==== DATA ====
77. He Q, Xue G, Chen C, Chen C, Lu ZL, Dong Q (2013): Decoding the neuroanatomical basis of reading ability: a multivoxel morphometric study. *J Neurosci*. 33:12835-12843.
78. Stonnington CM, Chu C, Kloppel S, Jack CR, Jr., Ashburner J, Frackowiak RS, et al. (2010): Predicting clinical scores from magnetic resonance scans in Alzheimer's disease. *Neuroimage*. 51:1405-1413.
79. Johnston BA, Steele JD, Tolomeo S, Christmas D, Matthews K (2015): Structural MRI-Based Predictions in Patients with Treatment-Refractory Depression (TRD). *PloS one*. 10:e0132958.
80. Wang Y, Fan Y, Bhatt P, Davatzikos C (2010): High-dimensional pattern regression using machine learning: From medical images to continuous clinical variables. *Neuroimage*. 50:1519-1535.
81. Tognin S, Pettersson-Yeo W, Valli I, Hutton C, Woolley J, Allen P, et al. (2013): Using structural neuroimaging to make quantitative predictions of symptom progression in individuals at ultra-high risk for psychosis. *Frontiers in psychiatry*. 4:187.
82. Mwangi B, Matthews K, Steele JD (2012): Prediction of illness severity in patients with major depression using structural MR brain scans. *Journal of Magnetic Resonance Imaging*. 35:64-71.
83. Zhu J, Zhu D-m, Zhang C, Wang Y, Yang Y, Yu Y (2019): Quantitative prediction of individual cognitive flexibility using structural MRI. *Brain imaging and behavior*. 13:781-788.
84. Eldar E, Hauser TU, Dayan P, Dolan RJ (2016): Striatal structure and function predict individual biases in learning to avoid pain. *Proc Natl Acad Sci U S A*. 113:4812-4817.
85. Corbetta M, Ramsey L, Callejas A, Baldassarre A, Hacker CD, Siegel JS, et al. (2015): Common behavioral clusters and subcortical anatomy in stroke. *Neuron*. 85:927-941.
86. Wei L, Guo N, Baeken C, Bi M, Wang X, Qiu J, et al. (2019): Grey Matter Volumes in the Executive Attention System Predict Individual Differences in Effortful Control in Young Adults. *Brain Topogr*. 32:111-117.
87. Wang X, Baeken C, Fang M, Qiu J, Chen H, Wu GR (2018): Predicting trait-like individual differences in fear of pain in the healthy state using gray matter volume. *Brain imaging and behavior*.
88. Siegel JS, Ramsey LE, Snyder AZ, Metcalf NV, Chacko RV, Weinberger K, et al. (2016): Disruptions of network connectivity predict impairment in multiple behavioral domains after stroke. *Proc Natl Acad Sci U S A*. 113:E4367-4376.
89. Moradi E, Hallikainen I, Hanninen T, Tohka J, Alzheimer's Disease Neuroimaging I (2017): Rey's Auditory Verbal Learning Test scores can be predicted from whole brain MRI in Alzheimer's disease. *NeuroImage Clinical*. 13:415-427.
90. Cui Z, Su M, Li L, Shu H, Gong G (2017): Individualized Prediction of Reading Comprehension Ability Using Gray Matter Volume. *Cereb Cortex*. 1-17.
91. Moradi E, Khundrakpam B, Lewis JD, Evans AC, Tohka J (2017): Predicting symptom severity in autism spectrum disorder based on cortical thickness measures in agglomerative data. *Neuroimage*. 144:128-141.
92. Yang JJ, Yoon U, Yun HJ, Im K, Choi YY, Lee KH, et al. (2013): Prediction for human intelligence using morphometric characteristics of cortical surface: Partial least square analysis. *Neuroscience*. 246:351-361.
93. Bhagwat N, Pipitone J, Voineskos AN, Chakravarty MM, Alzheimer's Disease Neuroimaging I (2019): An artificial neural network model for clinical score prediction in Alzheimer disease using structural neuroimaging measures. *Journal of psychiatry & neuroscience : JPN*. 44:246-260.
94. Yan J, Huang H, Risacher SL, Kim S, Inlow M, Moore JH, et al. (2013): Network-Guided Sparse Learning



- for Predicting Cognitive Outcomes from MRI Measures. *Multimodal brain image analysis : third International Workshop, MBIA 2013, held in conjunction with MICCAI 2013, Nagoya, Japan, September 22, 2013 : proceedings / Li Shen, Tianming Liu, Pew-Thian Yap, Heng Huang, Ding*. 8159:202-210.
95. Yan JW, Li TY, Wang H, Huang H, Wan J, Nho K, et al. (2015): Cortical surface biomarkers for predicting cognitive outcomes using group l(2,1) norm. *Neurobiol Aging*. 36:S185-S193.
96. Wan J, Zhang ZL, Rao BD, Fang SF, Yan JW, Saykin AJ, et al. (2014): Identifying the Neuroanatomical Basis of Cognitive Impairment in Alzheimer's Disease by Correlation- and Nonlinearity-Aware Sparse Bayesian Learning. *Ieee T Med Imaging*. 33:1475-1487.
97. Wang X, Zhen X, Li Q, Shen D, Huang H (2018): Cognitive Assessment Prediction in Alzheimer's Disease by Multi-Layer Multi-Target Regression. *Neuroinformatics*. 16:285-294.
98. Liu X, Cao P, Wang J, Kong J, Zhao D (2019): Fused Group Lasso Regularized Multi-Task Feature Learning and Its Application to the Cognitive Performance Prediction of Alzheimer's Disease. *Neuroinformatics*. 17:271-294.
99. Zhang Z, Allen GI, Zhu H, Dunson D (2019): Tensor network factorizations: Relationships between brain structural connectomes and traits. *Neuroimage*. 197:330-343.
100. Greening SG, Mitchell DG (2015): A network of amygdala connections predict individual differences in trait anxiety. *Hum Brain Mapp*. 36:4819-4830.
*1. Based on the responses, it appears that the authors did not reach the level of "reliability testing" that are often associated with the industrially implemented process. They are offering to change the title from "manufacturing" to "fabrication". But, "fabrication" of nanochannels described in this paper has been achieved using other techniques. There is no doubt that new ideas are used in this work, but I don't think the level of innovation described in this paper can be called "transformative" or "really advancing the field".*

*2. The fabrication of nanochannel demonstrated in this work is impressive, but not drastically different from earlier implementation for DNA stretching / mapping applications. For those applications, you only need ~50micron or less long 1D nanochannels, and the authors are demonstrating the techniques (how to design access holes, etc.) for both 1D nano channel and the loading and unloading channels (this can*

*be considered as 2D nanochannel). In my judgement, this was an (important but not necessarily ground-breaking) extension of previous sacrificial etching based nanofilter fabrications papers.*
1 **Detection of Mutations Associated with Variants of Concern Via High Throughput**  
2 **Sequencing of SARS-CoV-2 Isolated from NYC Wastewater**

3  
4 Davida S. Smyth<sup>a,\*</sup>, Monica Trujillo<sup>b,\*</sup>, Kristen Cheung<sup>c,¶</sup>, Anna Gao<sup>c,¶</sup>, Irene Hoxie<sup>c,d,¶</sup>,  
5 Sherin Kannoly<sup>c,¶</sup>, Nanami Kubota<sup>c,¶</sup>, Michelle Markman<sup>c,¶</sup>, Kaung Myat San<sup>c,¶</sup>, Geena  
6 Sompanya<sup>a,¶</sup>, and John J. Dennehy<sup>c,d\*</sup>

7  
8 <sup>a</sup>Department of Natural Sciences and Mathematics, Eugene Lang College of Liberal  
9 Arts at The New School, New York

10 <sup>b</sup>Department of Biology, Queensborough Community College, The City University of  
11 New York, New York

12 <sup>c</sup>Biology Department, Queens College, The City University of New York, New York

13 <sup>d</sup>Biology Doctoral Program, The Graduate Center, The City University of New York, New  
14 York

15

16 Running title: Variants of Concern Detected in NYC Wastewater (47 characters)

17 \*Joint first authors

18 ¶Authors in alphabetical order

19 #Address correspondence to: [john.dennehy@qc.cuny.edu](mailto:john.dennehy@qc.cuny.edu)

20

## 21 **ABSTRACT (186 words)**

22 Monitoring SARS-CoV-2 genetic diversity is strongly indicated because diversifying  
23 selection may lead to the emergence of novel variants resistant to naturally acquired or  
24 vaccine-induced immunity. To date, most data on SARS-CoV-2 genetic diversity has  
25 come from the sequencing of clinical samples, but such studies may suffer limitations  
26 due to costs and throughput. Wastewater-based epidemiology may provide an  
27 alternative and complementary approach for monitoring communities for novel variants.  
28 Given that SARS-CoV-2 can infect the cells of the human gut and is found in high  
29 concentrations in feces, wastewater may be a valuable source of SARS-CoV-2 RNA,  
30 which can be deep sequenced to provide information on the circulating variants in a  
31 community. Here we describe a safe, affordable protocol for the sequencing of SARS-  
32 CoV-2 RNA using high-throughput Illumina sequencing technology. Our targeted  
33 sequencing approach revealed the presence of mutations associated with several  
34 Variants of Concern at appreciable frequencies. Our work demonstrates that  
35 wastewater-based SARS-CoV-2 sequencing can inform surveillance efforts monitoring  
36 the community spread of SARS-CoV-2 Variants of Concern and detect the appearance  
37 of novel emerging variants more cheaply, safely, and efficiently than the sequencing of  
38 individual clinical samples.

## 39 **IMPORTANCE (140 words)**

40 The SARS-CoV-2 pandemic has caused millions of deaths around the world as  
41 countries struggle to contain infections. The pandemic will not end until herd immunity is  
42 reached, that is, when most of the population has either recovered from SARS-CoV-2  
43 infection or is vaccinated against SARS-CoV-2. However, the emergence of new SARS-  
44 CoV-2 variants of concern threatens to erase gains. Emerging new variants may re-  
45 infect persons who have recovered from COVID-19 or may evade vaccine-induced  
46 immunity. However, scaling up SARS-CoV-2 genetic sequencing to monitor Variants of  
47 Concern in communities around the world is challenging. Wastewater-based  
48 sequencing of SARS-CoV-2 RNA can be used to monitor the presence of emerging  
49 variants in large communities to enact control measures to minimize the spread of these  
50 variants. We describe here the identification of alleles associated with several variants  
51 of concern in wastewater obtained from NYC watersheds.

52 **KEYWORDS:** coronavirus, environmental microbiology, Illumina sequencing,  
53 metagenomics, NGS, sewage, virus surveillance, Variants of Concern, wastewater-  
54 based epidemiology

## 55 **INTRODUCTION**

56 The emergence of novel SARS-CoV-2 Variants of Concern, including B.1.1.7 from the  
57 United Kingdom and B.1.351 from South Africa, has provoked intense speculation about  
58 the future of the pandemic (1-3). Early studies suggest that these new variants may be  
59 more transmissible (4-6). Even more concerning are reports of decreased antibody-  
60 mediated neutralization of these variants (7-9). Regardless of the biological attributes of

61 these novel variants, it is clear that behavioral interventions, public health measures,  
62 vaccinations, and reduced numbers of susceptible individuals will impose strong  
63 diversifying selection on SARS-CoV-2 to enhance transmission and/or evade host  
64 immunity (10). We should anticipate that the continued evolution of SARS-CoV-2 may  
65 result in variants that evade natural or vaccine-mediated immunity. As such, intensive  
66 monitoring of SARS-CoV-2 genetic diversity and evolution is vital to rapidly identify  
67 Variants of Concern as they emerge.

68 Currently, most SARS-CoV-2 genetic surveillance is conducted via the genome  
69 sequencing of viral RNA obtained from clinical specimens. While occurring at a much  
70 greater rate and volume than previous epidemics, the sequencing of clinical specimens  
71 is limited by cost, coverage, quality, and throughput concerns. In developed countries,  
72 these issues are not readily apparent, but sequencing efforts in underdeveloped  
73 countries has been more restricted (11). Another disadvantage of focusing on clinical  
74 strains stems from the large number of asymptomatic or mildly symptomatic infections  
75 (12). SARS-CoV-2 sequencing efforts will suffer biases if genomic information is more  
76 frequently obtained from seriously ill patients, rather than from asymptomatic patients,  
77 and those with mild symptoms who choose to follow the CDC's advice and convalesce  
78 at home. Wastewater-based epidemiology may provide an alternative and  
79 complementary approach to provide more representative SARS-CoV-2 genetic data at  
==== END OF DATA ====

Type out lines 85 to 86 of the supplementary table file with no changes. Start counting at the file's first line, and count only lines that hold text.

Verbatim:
57 United Kingdom and B.1.351 from South Africa, has provoked intense speculation about  
58 the future of the pandemic (1-3). Early studies suggest that these new variants may be  